The Shift to Ceramic
Ceramic tooth-colored dental implants are becoming increasingly popular and it’s easy to see why. When you lose a tooth, wouldn’t it be nice to simply replace it with another tooth that looks almost exactly the same? It would be like you never even lost a tooth at all.
The all-ceramic implant is a step even further. For many natural-looking implants, only the part of the tooth you can see is made of ceramic or porcelain, like the ones used by Dr. Tarek Assi, who is recognized as a Diplomate in implantology by the International Congress of Oral Implantologists, which is the highest level of achievement they bestow.
The base of the crown that holds the implant in place is called the implant fixture. It’s usually made from titanium, which is a type of metal. However, the crown is tooth-colored, so it appears like a natural tooth. This is a happy medium between an all-titanium and an all-ceramic implant, which tries to use the best features of both in combination.
But as health-conscious attitudes rise, more patients are becoming apprehensive about putting metal into their bodies. This is how ceramic has increased its prominence in the dental implant market. But are these all-ceramic implants really comparable to titanium-secured implants?
The History of Titanium Implants
Titanium was first introduced as a dental implant material in the 1950s when Dr. Per-Ingvar Brånemark accidentally discovered that bone bonds to titanium surfaces while he was studying blood flow in rabbit femurs.
Dr. Brånemark began using his titanium fixtures in his patients in 1965, and they were noted for their resilience. Titanium has been the standard material used for dental implants ever since.
The benefits of titanium dental implants are numerous. They’re strong, will very rarely crack, and last for a long time. Titanium bonds with the bone very well, which is why the fixture is often still metal.
For over 24 years, Dr. Stephen Alfano has been providing dental care and he continues to use titanium fixtures because of their osseointegration, or the ability of artificial materials to functionally connect to bone, and their promotion of jawbone regrowth. Titanium can also be coated with another material so it looks more natural while retaining its durability.
So why are people shifting their preferences away from titanium? Well, one of the most worrying aspects of metal dental materials is corrosion. According to the National Center for Biotechnology Information, particles of the metal can spread throughout the body, particularly to the lungs and lymph nodes, causing health concerns.
Although the amount of titanium is very small and it’s unlikely to cause issues, metal migrating to other parts of the body is not a pleasant idea for most people. Titanium can also cause allergic reactions in some people, usually those who are sensitive to other metals.
Despite this, titanium remains in regular use within the dental industry due to the vast benefits it provides. Titanium has been in use for over 50 years with few negative health effects noted, and none disastrous.
Does Ceramic Match Up?
Ceramic has been used in dentistry since the 18th century, but not for implants until the 1970s. Previously, ceramics were used as coatings on metal implants to promote better integration with the bone. As trends in health consciousness increase among consumers, more patients are choosing all-ceramic implants.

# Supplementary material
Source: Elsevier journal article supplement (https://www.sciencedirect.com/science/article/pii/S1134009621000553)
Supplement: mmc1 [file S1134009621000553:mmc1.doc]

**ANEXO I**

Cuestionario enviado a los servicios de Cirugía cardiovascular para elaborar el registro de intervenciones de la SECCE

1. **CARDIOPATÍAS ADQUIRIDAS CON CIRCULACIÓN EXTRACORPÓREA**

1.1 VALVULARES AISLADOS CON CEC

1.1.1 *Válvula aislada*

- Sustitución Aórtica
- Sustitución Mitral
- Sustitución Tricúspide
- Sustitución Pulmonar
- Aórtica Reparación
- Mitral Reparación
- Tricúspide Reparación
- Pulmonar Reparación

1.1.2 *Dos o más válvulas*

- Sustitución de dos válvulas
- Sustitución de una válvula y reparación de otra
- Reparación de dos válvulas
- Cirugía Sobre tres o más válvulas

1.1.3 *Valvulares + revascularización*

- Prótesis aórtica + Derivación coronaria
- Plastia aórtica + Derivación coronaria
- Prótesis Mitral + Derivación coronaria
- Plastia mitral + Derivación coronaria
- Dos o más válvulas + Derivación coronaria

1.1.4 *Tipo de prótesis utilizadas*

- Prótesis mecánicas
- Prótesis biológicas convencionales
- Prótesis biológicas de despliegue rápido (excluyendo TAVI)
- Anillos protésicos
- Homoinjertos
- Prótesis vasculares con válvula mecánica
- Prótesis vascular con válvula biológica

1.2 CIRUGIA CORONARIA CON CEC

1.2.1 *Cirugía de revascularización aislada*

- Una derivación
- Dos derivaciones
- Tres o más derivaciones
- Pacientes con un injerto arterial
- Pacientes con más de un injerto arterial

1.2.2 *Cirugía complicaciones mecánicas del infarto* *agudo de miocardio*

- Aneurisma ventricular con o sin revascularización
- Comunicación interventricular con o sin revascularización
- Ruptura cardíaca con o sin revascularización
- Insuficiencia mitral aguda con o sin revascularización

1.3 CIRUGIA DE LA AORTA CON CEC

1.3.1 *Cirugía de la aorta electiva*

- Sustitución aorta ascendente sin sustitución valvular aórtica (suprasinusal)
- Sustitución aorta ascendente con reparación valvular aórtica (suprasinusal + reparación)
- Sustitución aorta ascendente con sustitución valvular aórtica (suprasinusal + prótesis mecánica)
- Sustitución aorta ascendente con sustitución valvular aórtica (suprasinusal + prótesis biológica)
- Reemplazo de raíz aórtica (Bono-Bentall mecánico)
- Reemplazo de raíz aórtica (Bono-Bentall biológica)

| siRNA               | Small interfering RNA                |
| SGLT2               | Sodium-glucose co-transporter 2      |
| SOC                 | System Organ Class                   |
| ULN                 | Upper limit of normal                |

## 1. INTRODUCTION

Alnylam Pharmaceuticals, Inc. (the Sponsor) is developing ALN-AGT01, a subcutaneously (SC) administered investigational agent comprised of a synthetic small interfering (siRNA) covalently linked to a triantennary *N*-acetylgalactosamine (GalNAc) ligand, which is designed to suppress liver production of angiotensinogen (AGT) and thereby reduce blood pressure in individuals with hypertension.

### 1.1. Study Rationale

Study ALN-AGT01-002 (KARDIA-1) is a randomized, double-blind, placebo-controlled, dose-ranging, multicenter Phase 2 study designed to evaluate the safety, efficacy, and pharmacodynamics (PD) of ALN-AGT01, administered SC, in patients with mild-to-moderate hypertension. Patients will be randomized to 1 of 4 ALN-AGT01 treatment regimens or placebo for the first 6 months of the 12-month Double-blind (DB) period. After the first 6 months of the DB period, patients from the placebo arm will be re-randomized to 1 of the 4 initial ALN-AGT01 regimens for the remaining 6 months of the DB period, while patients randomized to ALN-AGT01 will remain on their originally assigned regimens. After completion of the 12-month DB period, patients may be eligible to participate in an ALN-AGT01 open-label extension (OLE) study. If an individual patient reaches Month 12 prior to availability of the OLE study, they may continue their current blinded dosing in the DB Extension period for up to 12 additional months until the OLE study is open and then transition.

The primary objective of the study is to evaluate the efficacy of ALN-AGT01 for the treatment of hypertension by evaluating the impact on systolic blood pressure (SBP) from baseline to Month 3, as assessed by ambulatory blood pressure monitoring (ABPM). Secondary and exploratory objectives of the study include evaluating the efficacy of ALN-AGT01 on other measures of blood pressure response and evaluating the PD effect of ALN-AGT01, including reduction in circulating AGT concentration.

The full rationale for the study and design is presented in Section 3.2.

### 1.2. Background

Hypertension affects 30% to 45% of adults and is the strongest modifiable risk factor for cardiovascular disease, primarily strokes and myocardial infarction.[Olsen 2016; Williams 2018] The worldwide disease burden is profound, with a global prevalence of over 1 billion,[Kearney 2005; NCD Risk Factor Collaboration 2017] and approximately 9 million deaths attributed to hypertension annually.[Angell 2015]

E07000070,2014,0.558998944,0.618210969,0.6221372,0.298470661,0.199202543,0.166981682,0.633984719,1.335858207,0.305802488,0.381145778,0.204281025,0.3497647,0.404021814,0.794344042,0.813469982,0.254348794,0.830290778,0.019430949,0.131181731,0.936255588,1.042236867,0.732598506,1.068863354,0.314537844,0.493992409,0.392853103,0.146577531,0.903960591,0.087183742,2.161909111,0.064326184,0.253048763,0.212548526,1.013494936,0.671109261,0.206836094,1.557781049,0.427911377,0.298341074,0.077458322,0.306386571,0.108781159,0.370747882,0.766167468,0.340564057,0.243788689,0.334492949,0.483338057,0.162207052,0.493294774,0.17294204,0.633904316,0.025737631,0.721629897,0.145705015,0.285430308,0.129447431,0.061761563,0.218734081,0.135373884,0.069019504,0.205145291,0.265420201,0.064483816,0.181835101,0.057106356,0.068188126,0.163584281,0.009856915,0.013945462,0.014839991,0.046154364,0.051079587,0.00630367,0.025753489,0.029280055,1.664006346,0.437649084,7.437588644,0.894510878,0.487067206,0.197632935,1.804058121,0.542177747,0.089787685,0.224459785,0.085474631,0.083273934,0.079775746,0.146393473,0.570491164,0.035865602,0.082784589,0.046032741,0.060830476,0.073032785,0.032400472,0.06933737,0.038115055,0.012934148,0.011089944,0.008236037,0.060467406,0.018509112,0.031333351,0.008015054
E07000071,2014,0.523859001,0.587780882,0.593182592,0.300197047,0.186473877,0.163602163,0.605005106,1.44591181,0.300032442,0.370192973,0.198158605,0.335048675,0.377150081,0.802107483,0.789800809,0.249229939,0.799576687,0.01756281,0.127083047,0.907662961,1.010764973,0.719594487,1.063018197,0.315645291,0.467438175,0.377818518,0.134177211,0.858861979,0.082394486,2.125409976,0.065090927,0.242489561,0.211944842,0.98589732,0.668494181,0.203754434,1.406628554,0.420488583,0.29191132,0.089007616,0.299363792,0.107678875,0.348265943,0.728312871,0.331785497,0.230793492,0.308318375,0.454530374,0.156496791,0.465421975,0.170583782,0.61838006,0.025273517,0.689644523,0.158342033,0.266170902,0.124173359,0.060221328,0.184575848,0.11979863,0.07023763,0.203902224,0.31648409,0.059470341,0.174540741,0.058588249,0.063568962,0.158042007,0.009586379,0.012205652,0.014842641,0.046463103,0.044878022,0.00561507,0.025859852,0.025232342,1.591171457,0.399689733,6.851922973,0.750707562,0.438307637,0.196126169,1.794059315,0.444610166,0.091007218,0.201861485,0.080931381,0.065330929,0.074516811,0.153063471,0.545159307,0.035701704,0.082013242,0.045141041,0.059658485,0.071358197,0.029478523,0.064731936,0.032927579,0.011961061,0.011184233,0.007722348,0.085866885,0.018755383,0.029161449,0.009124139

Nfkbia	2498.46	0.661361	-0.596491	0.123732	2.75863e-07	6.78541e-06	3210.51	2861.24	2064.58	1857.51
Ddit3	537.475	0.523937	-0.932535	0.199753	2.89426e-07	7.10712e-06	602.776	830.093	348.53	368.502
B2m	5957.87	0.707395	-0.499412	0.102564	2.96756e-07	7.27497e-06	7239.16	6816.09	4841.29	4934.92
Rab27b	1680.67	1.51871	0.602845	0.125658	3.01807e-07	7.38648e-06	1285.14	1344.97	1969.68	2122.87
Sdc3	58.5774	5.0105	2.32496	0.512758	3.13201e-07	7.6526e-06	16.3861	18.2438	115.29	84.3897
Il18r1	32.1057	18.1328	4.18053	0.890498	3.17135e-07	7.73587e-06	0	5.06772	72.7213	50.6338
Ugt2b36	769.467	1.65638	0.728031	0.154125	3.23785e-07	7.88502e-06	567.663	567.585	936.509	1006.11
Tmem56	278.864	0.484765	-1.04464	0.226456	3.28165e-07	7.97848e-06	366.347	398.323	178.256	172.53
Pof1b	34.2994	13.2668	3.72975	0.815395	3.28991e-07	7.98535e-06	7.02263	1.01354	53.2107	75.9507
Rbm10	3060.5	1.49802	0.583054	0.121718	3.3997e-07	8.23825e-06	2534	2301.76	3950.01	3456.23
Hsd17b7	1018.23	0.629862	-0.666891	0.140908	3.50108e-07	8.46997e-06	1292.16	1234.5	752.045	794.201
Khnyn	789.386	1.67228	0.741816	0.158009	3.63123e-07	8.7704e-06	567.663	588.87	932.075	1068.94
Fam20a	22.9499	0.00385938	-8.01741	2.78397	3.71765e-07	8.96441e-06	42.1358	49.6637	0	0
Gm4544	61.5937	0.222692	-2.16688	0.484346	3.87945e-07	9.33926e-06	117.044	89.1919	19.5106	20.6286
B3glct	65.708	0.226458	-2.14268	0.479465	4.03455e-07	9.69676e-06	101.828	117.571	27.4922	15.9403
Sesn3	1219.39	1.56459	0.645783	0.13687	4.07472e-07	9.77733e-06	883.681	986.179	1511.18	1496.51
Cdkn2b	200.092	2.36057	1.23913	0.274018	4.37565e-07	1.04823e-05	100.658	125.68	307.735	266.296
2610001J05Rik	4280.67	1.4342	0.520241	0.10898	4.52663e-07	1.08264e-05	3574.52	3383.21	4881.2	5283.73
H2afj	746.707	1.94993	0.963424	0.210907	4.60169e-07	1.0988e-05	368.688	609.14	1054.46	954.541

A large part of this is due to the fact that ceramic does not come with the same health concerns as titanium. The material does not corrode and spread to other areas of the body. Ceramic is hypoallergenic, which means it’s unlikely to cause an allergic reaction.
All-ceramic implants are also easier to maintain because they don’t attract as much plaque as titanium. This means the area around the ceramic tooth will be less prone to decay and gum disease, leading to an overall healthier environment. Given these reasons, ceramic sounds like a pretty good alternative to titanium.
But studies have shown that ceramic is not better on all fronts. One of the biggest drawbacks of ceramic implants is the possibility of fracturing. Compared to titanium, ceramic is less durable because it’s more brittle and a small manufacturing error can cause the material to crack.
In one study, the two-piece ceramic implant was shown to integrate well and have little difference to titanium implants after two years, though the initial success rate was 93.3% compared to the titanium’s 100%.
Ceramic implants are also more costly by a few hundred dollars, making failure seem riskier compared to the more affordable, reliable titanium. For many people, however, the potential health risks of metal implants make ceramic worth the money.
The Future of Dental Implants
As technology progresses, the variety of dental implants available is increasing and people feel like they have a choice. The day has even come where a lost tooth can be replaced in one day, during a single appointment using immediate load implants. These “Teeth-in-a-Day,” used by dentists like Dr. Roman Shlafer, have no waiting period for full placement given the patient is in good oral health.
This is just one example of new technology developed in the dental implant scene, with others including CAD-CAM, which can digitally replicate an unsalvagable tooth so it can be replaced entirely.
All-ceramic dental implants are still being developed for regular use, emerging and creating their space in the marketplace. Though recent studies have shown their promise, there are few studies and they have yet to demonstrate longer-term effects as well as durability. It’s clear that dentistry is rapidly advancing in its implant procedures and we can only wait and see if they will stand the test of time.